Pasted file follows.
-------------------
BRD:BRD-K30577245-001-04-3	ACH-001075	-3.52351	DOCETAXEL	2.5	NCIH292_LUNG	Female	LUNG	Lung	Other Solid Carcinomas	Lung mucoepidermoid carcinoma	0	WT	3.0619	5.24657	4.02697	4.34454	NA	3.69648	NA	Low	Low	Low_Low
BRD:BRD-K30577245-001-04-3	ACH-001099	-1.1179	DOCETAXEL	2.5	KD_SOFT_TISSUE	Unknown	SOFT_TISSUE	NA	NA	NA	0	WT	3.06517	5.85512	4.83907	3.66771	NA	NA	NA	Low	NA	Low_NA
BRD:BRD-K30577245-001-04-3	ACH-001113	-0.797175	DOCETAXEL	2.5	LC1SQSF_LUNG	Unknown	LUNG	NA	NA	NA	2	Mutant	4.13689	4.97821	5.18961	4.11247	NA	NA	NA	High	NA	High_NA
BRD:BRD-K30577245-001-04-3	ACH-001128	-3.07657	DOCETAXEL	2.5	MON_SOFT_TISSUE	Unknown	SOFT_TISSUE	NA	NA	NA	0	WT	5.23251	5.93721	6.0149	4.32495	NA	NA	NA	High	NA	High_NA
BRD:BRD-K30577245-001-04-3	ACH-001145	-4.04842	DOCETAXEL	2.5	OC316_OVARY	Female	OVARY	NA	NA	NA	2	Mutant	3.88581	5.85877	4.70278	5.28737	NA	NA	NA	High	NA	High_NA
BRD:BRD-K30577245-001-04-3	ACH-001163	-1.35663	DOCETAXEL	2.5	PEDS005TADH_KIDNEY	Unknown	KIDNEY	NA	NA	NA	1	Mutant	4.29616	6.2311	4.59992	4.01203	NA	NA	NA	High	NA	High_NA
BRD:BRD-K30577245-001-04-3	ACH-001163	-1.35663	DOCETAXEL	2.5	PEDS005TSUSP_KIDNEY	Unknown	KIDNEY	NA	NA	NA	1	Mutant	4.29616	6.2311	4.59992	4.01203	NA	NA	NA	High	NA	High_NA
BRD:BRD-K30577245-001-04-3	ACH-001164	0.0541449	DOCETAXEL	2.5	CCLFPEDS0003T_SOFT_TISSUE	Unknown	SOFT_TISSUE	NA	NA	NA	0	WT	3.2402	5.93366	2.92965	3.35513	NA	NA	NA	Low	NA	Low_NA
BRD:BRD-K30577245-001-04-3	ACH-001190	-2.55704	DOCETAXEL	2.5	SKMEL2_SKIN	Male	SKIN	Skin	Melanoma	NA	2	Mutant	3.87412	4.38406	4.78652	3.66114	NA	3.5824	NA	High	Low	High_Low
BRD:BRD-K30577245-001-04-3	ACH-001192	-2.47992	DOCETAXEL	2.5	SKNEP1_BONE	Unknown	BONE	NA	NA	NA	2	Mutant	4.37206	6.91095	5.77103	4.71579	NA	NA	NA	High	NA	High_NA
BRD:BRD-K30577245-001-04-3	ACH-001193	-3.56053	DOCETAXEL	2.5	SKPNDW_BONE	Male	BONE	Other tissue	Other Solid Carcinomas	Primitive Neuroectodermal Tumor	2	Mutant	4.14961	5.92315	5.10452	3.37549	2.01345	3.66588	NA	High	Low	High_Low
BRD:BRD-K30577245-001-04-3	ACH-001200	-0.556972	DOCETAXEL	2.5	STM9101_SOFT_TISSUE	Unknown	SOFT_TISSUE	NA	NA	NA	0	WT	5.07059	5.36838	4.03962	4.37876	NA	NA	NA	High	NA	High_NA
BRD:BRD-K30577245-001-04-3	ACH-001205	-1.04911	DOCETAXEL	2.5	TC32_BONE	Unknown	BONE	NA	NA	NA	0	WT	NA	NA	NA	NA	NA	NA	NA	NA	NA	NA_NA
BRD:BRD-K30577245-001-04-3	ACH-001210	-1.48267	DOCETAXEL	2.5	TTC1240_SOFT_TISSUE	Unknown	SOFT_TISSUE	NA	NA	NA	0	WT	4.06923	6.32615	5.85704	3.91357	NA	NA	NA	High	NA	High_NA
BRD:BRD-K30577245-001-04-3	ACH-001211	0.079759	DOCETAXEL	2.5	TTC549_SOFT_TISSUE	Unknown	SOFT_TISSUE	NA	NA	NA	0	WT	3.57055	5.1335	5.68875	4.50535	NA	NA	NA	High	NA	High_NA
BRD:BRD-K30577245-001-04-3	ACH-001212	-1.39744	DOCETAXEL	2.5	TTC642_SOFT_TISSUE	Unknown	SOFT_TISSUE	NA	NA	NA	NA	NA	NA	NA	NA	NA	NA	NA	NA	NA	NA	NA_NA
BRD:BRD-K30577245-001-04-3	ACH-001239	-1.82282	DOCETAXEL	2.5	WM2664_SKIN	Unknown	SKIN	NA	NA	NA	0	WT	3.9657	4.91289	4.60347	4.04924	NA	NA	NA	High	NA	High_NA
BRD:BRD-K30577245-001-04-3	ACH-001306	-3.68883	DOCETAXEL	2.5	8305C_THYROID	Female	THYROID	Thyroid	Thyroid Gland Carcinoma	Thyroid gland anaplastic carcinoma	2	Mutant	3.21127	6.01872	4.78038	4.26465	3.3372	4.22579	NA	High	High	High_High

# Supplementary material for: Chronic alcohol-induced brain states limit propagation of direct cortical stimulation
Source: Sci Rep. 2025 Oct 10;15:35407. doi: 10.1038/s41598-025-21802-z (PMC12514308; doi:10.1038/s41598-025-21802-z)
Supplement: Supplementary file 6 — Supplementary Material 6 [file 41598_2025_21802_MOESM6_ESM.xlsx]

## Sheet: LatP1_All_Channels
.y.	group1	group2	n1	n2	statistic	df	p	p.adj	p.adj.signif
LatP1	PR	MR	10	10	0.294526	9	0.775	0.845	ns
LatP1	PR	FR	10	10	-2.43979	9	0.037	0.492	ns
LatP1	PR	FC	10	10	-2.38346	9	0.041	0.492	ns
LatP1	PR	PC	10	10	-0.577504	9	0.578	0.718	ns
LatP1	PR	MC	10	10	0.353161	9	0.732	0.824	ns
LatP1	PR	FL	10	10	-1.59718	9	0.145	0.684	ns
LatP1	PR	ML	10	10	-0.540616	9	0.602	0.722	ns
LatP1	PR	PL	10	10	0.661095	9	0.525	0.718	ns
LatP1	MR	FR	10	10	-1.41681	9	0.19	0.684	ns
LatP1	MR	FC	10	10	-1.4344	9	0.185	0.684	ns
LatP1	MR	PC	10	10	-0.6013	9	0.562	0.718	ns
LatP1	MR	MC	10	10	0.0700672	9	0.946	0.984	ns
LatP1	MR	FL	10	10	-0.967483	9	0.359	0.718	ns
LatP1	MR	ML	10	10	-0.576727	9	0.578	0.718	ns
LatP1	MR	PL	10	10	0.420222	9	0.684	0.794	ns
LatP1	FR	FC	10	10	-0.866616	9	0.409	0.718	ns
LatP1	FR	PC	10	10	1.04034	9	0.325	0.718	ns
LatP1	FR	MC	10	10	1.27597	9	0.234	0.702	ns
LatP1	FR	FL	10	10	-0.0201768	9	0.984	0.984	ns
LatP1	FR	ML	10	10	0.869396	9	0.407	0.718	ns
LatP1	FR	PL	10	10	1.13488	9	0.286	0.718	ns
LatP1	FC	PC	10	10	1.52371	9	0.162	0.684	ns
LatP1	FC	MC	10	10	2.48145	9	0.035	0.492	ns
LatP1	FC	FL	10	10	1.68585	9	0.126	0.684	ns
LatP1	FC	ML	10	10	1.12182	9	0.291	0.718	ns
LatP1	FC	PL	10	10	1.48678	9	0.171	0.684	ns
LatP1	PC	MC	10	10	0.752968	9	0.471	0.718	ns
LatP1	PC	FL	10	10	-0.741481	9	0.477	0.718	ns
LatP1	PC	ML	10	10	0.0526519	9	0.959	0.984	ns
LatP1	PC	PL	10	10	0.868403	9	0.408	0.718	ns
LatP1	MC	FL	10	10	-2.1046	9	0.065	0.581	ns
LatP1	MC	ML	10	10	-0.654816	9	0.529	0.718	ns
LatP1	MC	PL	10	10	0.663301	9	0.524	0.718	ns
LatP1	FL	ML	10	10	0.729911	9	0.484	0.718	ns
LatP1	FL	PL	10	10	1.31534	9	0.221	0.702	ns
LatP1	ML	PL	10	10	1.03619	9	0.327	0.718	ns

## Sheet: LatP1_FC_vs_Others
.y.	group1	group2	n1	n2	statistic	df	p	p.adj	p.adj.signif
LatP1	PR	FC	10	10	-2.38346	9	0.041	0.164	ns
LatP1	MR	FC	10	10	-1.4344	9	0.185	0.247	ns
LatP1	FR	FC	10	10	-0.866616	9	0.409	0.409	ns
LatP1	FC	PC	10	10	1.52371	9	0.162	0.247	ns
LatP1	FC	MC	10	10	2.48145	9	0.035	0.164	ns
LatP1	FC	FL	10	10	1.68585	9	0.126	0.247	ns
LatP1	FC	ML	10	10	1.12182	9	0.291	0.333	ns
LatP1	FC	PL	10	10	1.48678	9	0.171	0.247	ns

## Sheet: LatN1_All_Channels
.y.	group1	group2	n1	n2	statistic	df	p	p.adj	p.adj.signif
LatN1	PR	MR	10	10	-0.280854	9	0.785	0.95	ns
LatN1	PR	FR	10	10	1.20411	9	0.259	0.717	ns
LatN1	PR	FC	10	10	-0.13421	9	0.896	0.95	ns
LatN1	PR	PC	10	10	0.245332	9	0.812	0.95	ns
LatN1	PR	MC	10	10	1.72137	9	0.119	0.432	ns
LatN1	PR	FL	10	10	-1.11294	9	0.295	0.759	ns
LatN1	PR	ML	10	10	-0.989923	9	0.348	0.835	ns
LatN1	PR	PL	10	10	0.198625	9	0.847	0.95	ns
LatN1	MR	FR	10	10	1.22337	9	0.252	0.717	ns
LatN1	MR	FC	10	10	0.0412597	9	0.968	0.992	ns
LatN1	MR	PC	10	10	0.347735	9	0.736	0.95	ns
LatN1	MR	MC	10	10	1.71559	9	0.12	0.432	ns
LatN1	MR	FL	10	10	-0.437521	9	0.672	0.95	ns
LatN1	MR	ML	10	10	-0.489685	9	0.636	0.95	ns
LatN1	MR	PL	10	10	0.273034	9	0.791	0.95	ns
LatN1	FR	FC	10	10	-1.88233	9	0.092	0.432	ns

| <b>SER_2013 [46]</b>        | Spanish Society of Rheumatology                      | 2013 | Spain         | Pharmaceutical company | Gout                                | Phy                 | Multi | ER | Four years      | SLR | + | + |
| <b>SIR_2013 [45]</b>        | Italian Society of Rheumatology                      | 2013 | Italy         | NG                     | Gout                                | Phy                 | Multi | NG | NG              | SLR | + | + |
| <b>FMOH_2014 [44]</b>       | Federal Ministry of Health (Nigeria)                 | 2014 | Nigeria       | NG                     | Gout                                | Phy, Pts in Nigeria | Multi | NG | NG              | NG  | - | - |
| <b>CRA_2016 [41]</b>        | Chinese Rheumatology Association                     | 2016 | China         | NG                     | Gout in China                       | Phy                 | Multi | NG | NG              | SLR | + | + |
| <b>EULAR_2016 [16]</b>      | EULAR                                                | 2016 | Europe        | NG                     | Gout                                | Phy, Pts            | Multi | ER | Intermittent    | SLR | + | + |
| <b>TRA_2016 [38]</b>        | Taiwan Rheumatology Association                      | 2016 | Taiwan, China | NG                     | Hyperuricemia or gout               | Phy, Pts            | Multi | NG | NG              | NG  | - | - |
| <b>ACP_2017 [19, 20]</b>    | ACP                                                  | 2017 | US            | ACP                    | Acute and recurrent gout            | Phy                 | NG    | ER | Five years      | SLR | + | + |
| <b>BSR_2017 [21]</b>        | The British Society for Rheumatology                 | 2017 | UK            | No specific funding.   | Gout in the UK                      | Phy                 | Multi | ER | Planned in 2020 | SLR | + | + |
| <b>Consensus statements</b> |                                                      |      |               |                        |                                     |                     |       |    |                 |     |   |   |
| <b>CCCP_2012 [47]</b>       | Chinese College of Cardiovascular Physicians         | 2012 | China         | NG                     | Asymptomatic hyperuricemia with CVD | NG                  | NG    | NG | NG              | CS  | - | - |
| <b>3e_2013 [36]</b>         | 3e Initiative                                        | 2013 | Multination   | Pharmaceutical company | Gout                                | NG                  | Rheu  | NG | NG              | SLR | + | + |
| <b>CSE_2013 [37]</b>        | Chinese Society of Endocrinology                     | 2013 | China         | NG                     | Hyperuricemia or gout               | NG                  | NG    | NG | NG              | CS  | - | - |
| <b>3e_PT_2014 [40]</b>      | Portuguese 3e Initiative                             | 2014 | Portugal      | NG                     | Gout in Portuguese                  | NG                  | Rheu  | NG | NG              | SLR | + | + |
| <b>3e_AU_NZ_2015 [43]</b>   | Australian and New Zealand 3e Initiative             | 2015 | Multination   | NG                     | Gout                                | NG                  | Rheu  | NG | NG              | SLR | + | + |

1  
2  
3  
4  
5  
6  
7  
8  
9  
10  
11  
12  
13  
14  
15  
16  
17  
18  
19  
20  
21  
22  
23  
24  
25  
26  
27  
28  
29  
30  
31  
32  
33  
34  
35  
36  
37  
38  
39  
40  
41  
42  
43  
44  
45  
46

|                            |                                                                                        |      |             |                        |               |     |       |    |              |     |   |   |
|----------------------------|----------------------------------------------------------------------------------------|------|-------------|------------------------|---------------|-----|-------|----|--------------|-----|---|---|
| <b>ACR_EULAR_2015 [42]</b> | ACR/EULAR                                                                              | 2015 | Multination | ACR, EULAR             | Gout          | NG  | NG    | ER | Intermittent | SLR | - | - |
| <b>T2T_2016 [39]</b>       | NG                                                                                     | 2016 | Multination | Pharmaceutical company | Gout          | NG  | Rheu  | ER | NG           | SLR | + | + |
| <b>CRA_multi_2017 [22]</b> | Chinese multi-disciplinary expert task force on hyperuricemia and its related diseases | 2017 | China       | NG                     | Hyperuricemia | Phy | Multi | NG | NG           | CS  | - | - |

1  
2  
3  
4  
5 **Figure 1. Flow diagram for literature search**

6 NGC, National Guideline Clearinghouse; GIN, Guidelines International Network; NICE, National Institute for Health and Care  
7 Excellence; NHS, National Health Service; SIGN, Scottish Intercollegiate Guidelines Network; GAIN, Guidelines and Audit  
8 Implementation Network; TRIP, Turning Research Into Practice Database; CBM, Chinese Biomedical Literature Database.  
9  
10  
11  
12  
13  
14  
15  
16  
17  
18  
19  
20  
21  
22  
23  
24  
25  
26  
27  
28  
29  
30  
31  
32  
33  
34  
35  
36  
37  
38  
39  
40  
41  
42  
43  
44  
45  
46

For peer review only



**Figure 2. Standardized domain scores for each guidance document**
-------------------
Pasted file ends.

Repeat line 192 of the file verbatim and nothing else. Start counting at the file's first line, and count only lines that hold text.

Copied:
40  